Gay League: Had you worked with everyone before collaborating on the short story for Razorblades?

Steve Foxe: I had actually only really worked with Hass, who is a very good friend of mine. He lettered some of my first publications and we talk almost every day. Brad, I had worked very briefly with as he’s colored some variant covers I solicited. But Piotr—I DM’d him totally out of the blue and was THRILLED when he was down for the idea. I’ve loved his work for years, particularly his attention to setting and grounded anatomy/presentation.

In my mind, AAE really ONLY worked if three things were true: New York City had to feel real, lived in, and always present; the spiders needed to be more or less biologically accurate; and the action could never feel like it crossed the line into an ACTION movie—it all had to be things a real, average human being could accomplish. Otherwise, you lose the horror and have another generic sci-fi/action story on your hands. Piotr, Brad, and Hass delivered beyond my wildest dreams/nightmares.

Gay League: Empty and abandoned buildings fascinate me too though usually from the viewpoint of what would renovate and live in one. Most of the ones I see in my neck of the woods here in central Illinois are old gas stations and lots of store fronts and an occasional church in really small towns. Do you still go on walks and day dream about old buildings now that you’ve moved away from Queens?

Steve Foxe: I do remain really fascinated by structures and how we use, disuse, and abandon them. Now that I’m in the Midwest, part of the appeal of the area is that many homes are old – ours is from 1926 – and carry a heavy influence from the Dutch communities that originally settled here. Comparing and contrasting that with the “gentrification chic” pop-up buildings sweeping the nation is a doozy at times. Of course, a lot of the observations I make now are from behind the wheel of a car!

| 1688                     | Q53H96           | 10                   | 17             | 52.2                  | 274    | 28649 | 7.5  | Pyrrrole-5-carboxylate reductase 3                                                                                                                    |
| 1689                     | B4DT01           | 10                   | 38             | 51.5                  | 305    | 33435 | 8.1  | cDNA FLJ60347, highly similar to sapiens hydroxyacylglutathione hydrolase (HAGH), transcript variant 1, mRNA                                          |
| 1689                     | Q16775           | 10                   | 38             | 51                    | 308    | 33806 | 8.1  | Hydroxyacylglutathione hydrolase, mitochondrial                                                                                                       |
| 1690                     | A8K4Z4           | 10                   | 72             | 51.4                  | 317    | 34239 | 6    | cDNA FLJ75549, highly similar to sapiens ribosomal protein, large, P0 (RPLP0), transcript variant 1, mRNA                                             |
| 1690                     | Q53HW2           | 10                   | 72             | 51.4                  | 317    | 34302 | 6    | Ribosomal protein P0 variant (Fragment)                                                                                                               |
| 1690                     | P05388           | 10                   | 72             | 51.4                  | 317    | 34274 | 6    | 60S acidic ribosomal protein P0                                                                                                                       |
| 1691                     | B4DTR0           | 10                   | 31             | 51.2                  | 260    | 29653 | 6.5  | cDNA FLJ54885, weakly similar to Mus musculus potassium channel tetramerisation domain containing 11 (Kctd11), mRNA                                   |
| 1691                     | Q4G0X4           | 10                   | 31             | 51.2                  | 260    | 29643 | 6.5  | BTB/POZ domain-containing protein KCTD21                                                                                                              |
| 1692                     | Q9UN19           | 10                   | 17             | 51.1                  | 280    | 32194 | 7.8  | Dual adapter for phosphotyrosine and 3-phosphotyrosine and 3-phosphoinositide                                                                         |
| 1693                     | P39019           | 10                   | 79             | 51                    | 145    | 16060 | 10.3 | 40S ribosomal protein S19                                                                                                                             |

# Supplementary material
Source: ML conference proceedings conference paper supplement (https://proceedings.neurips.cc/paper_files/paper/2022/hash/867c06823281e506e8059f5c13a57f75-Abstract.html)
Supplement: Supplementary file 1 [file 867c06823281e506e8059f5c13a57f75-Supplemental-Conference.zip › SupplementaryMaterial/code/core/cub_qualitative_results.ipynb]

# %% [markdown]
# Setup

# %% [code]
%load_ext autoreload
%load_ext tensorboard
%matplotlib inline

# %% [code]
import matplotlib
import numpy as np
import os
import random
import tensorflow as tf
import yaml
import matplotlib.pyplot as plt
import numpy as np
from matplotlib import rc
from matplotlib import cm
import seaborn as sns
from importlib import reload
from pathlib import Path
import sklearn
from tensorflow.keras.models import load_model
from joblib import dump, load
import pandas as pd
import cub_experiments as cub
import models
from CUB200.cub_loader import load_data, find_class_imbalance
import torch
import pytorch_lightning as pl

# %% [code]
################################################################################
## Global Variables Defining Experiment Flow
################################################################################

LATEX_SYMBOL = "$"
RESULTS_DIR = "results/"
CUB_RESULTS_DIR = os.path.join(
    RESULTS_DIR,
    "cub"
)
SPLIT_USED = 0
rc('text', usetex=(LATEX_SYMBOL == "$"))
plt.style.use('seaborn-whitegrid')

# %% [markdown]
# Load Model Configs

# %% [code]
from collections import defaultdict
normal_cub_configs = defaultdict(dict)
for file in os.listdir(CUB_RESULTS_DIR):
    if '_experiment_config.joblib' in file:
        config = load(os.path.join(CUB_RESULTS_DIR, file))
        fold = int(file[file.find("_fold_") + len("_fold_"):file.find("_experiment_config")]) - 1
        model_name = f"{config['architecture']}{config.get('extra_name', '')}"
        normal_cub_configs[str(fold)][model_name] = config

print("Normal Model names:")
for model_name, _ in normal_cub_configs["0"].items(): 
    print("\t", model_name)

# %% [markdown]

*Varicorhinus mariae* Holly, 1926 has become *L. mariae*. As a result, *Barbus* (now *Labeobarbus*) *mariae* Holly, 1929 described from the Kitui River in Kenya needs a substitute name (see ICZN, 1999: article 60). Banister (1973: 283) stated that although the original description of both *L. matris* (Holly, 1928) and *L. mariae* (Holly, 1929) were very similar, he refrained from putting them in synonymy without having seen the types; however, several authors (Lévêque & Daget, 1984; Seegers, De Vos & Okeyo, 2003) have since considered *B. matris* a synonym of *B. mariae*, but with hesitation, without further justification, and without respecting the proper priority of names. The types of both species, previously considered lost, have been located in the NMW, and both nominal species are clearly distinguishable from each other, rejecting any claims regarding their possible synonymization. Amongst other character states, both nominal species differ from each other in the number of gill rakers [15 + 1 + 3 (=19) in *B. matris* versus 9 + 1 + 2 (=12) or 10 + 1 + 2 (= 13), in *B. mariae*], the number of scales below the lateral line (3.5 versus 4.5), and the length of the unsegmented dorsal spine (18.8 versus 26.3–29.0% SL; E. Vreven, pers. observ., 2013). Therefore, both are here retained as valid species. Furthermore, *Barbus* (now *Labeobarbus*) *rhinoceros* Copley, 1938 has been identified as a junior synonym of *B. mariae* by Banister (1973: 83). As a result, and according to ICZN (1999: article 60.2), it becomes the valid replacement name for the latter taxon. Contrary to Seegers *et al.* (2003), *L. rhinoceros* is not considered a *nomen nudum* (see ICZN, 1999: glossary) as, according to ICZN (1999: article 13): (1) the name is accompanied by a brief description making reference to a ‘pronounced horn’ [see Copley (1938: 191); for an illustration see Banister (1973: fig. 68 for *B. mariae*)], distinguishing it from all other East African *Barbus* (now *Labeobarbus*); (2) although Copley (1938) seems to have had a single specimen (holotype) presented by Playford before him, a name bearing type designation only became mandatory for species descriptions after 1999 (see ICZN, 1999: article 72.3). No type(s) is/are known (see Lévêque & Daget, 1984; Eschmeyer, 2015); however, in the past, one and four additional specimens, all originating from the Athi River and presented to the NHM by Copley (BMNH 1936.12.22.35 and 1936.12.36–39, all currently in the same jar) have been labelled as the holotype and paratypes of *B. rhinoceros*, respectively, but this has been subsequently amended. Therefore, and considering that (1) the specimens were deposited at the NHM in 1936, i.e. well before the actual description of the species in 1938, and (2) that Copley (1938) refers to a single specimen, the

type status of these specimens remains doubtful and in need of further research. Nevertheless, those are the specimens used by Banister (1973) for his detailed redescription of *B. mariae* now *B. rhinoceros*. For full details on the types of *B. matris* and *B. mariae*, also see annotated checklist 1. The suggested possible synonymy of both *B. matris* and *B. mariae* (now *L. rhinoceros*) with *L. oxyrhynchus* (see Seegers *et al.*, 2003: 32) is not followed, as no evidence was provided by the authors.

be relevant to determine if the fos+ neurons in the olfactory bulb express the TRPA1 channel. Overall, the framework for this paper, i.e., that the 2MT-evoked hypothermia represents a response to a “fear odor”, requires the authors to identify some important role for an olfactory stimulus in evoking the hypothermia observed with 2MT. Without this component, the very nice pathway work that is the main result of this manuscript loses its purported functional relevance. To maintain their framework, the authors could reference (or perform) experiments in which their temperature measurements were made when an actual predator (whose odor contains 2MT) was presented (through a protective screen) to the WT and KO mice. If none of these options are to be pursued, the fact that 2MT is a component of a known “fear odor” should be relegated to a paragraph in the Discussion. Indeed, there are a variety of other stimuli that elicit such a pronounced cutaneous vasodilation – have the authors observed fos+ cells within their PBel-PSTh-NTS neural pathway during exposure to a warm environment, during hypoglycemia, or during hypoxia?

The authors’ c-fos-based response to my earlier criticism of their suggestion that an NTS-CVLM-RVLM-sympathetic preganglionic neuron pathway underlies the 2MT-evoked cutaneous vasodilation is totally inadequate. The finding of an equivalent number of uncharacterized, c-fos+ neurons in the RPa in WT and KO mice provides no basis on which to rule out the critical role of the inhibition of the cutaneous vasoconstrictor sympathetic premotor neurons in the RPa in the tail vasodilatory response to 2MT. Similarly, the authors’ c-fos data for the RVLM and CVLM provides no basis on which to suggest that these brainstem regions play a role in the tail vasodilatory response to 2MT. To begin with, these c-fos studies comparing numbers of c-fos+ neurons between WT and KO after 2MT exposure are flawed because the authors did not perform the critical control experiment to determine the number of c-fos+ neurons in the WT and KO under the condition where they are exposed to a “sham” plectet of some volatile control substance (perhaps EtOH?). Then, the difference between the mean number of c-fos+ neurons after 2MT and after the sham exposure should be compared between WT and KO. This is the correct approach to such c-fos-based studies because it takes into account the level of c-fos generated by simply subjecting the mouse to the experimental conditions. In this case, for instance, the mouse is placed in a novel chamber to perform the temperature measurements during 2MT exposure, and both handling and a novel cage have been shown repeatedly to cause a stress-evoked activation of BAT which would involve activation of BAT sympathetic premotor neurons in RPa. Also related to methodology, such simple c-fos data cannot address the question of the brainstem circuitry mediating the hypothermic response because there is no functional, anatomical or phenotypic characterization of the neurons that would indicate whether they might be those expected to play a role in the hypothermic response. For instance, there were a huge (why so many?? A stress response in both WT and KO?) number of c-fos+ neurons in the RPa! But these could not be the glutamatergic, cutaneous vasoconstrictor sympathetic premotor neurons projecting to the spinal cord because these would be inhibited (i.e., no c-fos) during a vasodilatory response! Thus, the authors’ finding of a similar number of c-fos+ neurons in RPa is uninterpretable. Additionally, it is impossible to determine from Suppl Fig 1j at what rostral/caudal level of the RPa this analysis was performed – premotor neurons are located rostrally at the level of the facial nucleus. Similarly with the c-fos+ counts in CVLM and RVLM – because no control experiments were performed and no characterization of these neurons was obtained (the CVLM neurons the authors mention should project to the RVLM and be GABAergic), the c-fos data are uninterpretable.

Gay League: Giant spiders as apex predators is one kind of horror, incredibly visceral in how some people can react to the idea. While reading along the idea occurred to me that there’s another kind of horror story that’s being told. Less obvious than being hunted by arachnids and very mundane, it’s the horror of how humans can mistreat, abandon, or just ignore other humans. With Vinnie, it’s the fact that he’s been disowned by his father simply because he’s queer and ends up on the street. Reynolds lost his comfortable life after a tragic loss and slipped through the cracks of society. Speaking of Reynolds, that isn’t his real name.

Steve Foxe: I appreciate you picking up on that, as especially the Vinnie bit is pretty subtle—just one panel, essentially. I think there’s a surplus of debate about “elevated horror” and horror-as-metaphor, when the truth is that social issues have always gone hand in hand with horror. Black Christmas includes a woman seeking an abortion, Texas Chain Saw Massacre hinges on the idea of social classes left to rot as industry moves on, etc. I’m always wary of putting these elements too far into the forefront, as that’s usually when consumers start to feel like, “oh, I get it—the monster is grief.” But AAE isn’t particularly subtle when it comes to the class aspect. That’s also why there’s a bit of a bait-and-switch with Reynolds. Both Vin and the reader make assumptions about him at a glance, but his story holds depths you wouldn’t know unless you took the time to talk to him.